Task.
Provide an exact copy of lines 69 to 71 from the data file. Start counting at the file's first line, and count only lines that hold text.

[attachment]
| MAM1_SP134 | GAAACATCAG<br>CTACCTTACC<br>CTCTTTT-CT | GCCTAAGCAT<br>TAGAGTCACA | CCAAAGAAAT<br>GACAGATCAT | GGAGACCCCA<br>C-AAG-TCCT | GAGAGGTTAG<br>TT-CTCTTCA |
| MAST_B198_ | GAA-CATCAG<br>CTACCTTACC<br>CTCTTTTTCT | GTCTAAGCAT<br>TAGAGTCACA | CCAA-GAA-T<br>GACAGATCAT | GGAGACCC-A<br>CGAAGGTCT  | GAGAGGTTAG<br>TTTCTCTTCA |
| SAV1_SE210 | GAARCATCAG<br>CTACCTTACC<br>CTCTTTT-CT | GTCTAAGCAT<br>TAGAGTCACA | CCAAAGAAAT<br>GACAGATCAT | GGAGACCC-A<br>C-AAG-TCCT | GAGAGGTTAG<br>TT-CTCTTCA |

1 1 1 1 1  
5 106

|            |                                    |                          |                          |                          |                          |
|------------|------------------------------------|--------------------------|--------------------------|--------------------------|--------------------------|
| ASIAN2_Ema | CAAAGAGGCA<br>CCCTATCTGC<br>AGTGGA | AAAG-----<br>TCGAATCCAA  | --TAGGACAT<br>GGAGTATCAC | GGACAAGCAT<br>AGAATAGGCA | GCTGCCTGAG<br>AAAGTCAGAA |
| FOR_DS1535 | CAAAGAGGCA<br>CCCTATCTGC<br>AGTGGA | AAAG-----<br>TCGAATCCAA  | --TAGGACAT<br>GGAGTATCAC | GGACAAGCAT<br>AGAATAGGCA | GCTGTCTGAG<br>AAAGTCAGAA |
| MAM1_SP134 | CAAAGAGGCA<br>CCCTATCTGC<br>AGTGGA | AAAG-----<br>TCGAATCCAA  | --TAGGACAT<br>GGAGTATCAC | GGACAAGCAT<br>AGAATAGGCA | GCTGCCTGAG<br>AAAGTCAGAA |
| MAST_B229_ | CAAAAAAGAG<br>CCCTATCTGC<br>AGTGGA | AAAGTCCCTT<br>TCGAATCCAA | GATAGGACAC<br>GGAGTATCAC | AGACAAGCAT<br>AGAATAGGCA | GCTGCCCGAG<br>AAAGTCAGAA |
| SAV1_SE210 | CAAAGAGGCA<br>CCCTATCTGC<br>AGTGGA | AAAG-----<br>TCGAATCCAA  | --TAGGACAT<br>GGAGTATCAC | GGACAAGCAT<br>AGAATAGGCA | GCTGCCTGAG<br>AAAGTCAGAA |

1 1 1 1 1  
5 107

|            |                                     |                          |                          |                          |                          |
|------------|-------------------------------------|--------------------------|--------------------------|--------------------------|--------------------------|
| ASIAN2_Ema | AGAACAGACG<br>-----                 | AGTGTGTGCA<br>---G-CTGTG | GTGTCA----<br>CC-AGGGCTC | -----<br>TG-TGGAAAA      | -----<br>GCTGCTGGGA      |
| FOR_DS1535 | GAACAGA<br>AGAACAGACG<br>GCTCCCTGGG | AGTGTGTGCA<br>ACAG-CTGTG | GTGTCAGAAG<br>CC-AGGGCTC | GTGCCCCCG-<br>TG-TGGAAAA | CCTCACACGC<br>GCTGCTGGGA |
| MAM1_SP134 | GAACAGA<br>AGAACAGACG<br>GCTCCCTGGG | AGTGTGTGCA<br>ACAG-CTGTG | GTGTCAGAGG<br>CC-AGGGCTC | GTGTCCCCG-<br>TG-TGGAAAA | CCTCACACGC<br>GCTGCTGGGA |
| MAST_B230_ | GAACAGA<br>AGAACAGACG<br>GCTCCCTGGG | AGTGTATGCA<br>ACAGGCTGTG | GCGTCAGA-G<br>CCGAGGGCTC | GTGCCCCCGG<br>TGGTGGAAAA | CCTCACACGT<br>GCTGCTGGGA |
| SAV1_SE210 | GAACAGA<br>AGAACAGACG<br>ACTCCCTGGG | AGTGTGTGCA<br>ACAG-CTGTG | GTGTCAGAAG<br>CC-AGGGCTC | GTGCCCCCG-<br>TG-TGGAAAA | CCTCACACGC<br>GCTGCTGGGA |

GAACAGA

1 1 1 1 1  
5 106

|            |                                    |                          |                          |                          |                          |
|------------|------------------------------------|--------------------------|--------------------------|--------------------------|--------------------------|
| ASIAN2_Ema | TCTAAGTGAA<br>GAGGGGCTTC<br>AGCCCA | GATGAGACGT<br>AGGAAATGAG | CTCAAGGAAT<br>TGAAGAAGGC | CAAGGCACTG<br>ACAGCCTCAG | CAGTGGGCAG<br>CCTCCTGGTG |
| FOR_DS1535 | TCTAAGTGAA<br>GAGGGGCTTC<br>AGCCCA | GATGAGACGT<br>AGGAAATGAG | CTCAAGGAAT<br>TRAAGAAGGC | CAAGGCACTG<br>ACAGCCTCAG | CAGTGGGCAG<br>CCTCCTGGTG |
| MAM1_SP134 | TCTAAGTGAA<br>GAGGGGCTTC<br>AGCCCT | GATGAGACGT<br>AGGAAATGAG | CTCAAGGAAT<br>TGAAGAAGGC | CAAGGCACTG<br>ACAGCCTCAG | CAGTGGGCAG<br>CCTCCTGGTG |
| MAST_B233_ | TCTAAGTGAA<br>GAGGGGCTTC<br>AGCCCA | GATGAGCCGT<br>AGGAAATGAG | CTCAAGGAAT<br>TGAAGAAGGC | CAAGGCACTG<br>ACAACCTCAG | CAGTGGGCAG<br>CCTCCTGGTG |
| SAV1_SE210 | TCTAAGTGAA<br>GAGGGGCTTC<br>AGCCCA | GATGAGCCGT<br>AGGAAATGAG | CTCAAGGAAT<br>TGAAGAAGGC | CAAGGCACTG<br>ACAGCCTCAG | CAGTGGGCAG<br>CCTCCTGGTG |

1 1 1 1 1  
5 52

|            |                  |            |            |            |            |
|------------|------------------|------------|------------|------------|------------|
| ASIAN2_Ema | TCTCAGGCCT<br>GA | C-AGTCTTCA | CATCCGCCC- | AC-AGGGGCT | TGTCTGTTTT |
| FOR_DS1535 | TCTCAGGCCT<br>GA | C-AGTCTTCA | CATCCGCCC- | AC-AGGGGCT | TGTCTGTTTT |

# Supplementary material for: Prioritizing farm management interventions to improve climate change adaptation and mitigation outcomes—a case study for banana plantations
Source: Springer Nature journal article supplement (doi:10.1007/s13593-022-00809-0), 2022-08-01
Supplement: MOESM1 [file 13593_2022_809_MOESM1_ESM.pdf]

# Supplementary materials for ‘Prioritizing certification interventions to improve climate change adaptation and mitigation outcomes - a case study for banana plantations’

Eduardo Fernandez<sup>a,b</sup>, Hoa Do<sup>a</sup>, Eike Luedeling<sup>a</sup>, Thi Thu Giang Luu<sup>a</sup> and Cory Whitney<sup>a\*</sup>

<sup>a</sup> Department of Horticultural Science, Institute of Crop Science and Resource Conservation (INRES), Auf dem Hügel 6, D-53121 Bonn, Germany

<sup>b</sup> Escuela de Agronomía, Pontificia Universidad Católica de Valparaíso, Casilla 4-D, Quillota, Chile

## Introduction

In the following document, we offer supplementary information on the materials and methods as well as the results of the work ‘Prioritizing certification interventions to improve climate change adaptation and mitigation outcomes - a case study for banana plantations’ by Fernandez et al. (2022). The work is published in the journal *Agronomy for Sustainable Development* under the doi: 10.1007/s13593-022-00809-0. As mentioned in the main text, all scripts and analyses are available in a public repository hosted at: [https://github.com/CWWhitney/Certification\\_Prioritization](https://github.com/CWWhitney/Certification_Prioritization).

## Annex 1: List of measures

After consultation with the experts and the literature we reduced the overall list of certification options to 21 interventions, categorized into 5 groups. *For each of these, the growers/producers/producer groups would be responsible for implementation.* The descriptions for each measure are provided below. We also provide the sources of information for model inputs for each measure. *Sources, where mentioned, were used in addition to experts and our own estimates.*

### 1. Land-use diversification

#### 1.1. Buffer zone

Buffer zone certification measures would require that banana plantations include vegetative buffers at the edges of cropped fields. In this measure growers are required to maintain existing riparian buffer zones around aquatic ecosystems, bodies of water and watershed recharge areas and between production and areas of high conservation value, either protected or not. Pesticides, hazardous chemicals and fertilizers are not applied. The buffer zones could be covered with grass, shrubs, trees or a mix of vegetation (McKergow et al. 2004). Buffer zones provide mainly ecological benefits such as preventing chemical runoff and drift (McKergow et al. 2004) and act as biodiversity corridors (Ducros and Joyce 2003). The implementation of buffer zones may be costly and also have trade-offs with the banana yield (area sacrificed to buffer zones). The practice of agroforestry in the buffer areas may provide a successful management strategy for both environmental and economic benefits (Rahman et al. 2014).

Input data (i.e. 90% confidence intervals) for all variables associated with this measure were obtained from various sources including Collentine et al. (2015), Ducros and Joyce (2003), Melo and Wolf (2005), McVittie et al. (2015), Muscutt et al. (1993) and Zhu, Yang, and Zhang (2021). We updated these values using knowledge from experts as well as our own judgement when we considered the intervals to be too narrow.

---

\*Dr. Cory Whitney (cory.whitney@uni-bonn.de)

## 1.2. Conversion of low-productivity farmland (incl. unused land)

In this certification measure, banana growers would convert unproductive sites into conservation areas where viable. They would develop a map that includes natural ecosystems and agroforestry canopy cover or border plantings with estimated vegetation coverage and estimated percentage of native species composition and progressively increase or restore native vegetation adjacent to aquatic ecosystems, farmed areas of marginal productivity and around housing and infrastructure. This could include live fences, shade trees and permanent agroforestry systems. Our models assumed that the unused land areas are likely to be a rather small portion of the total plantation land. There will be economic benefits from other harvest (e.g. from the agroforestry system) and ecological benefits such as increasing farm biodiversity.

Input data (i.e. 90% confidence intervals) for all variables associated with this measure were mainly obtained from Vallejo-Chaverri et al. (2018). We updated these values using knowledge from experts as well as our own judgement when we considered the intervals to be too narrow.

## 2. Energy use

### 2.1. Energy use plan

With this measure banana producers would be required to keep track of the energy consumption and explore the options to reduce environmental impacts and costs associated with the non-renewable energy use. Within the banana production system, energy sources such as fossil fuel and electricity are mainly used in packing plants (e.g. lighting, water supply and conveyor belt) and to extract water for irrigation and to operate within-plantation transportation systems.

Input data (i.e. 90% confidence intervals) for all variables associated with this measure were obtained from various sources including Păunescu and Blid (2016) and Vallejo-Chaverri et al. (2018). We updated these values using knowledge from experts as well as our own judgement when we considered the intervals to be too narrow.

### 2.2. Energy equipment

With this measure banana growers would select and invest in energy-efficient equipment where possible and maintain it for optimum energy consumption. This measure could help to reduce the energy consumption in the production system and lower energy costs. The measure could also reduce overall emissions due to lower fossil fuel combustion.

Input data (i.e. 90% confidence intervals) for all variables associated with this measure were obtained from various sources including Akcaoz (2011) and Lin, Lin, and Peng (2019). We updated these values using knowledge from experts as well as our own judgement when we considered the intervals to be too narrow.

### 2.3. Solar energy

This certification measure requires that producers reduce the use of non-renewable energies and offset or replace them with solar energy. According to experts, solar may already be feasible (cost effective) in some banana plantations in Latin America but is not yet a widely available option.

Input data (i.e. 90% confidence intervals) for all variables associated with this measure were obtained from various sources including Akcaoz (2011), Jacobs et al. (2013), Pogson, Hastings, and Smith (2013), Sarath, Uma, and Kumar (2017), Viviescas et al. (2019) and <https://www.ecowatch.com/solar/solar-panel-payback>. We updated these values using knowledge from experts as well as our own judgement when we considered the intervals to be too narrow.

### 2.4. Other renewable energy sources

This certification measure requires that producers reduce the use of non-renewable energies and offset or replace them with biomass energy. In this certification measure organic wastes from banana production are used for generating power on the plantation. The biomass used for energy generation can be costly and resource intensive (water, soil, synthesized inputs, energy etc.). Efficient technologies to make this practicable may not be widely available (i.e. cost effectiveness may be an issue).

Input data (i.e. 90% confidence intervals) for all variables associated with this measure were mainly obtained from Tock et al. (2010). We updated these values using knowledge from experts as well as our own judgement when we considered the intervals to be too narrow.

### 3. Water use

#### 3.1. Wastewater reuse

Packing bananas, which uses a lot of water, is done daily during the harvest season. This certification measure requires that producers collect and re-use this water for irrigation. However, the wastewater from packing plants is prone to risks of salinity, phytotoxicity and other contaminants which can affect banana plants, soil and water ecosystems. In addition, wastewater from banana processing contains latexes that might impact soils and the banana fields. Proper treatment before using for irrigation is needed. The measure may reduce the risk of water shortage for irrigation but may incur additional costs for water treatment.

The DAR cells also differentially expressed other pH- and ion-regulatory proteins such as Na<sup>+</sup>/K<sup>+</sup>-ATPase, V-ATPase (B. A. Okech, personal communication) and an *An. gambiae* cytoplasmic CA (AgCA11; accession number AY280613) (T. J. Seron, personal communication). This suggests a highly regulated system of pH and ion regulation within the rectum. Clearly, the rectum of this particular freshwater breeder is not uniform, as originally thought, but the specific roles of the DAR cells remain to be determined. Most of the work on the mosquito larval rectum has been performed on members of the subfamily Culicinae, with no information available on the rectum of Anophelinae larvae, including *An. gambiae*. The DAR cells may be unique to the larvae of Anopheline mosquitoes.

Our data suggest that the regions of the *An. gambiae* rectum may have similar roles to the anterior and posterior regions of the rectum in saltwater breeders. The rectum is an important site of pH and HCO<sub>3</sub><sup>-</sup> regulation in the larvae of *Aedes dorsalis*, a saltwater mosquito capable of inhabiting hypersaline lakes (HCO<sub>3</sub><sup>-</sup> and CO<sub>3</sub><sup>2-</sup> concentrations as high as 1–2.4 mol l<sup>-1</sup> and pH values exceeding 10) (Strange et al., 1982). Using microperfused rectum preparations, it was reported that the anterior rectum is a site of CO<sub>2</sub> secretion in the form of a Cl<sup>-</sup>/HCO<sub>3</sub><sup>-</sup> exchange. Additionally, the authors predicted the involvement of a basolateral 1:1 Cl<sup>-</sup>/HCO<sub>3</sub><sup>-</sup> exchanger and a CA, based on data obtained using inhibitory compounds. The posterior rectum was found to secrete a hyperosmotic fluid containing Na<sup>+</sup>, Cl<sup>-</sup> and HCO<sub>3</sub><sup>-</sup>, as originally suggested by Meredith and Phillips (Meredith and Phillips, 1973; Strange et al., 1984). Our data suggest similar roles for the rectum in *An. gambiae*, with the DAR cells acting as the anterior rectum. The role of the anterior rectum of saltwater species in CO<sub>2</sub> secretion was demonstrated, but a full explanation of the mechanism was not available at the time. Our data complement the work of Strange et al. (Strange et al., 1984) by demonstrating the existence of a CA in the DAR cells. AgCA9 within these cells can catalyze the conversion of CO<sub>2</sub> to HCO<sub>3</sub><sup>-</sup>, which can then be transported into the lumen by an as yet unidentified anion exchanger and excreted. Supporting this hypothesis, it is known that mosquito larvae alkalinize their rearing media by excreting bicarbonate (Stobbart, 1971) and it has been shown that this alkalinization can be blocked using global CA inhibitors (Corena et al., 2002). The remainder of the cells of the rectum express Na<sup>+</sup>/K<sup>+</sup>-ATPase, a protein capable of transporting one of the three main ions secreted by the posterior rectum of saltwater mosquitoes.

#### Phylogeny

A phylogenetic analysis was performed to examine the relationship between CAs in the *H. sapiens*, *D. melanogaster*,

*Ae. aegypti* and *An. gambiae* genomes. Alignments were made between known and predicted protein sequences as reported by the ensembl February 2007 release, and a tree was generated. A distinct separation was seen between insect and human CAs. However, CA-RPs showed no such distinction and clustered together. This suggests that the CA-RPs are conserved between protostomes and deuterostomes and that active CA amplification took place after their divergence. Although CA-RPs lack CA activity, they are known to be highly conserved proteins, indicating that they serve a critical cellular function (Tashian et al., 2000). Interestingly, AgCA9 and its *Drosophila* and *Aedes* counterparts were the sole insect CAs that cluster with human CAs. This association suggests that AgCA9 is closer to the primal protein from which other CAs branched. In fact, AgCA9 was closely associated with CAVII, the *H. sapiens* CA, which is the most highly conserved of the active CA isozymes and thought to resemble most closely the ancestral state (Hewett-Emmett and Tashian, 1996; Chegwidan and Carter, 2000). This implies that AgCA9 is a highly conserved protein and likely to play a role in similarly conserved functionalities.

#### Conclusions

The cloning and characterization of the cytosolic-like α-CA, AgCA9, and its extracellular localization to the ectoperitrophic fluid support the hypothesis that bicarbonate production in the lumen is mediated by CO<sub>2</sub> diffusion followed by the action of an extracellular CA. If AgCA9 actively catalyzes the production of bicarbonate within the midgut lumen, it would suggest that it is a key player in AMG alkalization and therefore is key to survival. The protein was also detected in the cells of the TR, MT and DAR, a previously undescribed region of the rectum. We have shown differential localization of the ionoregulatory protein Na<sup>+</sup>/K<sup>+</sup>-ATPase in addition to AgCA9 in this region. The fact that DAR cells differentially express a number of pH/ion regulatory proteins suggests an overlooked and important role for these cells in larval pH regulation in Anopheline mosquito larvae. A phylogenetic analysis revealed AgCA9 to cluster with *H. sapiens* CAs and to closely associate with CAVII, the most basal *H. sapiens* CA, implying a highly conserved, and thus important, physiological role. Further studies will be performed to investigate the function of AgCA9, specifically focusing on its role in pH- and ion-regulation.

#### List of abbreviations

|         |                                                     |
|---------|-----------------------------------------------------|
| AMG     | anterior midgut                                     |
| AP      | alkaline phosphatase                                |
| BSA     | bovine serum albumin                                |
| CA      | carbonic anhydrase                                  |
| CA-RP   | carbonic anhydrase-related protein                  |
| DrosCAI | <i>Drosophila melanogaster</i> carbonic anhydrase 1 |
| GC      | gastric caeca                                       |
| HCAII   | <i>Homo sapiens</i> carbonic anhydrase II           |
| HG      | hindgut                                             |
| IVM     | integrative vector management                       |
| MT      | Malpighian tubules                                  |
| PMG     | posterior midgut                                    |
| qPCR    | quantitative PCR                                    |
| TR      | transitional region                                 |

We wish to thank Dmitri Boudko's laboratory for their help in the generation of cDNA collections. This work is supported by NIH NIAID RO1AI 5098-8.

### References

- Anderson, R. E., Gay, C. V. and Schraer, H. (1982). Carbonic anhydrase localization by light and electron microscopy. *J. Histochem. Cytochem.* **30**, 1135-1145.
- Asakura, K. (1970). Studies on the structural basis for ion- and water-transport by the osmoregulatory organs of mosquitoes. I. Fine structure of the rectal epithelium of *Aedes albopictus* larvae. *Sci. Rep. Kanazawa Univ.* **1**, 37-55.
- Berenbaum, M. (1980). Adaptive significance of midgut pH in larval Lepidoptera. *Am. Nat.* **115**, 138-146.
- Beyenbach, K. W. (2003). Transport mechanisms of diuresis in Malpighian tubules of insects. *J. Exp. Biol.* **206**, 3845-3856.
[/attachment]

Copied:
This certification measure requires that producers reduce the use of non-renewable energies and offset or replace them with biomass energy. In this certification measure organic wastes from banana production are used for generating power on the plantation. The biomass used for energy generation can be costly and resource intensive (water, soil, synthesized inputs, energy etc.). Efficient technologies to make this practicable may not be widely available (i.e. cost effectiveness may be an issue).

Input data (i.e. 90% confidence intervals) for all variables associated with this measure were mainly obtained from Tock et al. (2010). We updated these values using knowledge from experts as well as our own judgement when we considered the intervals to be too narrow.

### 3. Water use